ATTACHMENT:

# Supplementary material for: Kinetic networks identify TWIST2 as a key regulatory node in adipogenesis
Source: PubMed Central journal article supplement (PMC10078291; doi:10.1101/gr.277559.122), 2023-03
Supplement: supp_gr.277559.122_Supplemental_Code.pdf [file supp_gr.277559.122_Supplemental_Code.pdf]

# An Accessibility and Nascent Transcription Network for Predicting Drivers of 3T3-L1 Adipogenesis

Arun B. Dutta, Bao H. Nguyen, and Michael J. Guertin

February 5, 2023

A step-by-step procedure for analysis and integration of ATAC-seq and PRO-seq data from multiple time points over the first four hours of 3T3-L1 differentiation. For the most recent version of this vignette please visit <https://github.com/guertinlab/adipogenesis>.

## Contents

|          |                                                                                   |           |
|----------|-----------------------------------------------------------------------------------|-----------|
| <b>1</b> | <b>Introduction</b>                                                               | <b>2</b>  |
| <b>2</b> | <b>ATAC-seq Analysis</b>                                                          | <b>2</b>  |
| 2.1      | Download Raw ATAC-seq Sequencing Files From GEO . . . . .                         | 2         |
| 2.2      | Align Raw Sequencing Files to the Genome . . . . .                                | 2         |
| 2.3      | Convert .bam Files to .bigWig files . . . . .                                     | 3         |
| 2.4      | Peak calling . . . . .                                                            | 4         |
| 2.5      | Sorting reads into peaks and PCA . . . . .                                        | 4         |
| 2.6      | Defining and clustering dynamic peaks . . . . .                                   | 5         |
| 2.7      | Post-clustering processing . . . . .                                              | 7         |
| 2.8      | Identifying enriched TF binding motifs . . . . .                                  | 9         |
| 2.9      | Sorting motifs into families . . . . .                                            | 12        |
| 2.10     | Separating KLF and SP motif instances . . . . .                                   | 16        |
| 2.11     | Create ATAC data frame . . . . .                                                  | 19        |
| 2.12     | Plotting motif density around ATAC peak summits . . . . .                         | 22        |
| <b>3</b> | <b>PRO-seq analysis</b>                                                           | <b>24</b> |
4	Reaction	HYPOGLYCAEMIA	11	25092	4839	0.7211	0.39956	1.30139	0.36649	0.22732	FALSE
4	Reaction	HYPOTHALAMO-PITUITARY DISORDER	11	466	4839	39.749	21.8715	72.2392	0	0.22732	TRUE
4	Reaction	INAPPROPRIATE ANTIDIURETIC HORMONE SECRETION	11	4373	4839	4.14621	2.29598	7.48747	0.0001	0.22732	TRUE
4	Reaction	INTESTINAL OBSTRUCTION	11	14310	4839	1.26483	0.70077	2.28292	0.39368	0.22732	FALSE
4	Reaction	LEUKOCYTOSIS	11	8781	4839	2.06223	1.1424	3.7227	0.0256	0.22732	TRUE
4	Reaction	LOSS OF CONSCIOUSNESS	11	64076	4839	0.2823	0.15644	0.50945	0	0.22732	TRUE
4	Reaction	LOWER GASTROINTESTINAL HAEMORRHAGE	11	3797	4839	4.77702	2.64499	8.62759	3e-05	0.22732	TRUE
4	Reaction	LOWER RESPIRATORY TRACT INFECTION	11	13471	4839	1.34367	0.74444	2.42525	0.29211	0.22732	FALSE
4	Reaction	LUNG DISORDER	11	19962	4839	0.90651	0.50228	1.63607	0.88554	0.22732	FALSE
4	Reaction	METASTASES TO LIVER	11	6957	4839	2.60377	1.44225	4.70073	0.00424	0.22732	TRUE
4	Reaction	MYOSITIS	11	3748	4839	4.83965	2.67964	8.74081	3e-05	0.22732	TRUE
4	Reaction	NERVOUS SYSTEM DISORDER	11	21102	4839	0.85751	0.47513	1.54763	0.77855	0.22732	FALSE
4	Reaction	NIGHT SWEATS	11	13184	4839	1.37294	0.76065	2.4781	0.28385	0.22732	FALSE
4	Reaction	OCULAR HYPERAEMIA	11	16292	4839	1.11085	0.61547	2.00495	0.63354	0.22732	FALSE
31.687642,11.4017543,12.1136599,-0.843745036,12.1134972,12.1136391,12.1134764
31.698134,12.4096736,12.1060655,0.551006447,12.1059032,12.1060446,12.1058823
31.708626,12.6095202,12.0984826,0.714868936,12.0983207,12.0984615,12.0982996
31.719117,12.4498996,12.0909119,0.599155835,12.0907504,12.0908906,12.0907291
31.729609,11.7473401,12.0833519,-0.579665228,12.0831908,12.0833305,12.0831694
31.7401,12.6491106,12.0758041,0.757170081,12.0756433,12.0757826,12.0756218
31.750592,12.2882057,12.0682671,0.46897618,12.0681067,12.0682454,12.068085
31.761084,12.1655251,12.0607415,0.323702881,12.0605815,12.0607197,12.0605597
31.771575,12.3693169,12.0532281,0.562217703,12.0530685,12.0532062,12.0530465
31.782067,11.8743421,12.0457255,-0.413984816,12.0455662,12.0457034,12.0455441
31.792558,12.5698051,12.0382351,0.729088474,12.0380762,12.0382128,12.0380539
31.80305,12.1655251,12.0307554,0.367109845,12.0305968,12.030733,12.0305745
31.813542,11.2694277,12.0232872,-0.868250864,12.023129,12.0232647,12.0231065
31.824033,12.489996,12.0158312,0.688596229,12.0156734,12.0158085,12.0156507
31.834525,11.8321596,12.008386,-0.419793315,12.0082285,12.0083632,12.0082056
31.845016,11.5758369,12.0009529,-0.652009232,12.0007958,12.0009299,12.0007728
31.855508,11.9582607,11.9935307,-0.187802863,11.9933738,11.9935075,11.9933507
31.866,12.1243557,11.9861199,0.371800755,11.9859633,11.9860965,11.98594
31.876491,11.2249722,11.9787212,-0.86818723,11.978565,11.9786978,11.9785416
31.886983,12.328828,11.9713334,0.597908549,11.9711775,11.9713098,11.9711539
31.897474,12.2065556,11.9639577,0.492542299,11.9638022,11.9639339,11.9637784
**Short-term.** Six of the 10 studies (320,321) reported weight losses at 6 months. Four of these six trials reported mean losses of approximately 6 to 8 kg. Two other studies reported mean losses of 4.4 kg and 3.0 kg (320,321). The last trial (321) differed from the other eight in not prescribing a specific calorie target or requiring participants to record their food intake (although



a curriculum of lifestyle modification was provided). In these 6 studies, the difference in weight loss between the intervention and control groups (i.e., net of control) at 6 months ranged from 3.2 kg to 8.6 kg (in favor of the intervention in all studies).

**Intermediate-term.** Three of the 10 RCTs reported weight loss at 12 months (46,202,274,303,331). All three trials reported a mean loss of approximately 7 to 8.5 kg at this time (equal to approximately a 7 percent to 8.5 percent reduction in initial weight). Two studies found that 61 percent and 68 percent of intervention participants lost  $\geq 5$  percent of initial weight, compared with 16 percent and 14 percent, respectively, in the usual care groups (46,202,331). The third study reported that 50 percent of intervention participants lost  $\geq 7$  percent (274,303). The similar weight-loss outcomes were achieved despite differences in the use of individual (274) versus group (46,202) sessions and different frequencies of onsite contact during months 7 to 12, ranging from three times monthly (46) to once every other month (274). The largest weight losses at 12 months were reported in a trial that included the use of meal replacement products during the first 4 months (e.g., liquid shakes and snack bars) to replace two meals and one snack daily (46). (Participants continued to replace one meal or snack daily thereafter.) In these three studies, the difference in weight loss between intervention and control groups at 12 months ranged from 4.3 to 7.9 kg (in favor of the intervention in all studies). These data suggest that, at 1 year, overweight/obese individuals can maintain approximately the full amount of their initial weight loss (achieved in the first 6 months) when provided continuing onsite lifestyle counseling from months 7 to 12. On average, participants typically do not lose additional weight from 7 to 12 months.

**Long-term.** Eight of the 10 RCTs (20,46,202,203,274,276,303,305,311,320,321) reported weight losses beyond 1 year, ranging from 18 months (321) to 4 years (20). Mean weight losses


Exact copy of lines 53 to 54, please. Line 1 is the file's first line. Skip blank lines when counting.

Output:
31.824033,12.489996,12.0158312,0.688596229,12.0156734,12.0158085,12.0156507
31.834525,11.8321596,12.008386,-0.419793315,12.0082285,12.0083632,12.0082056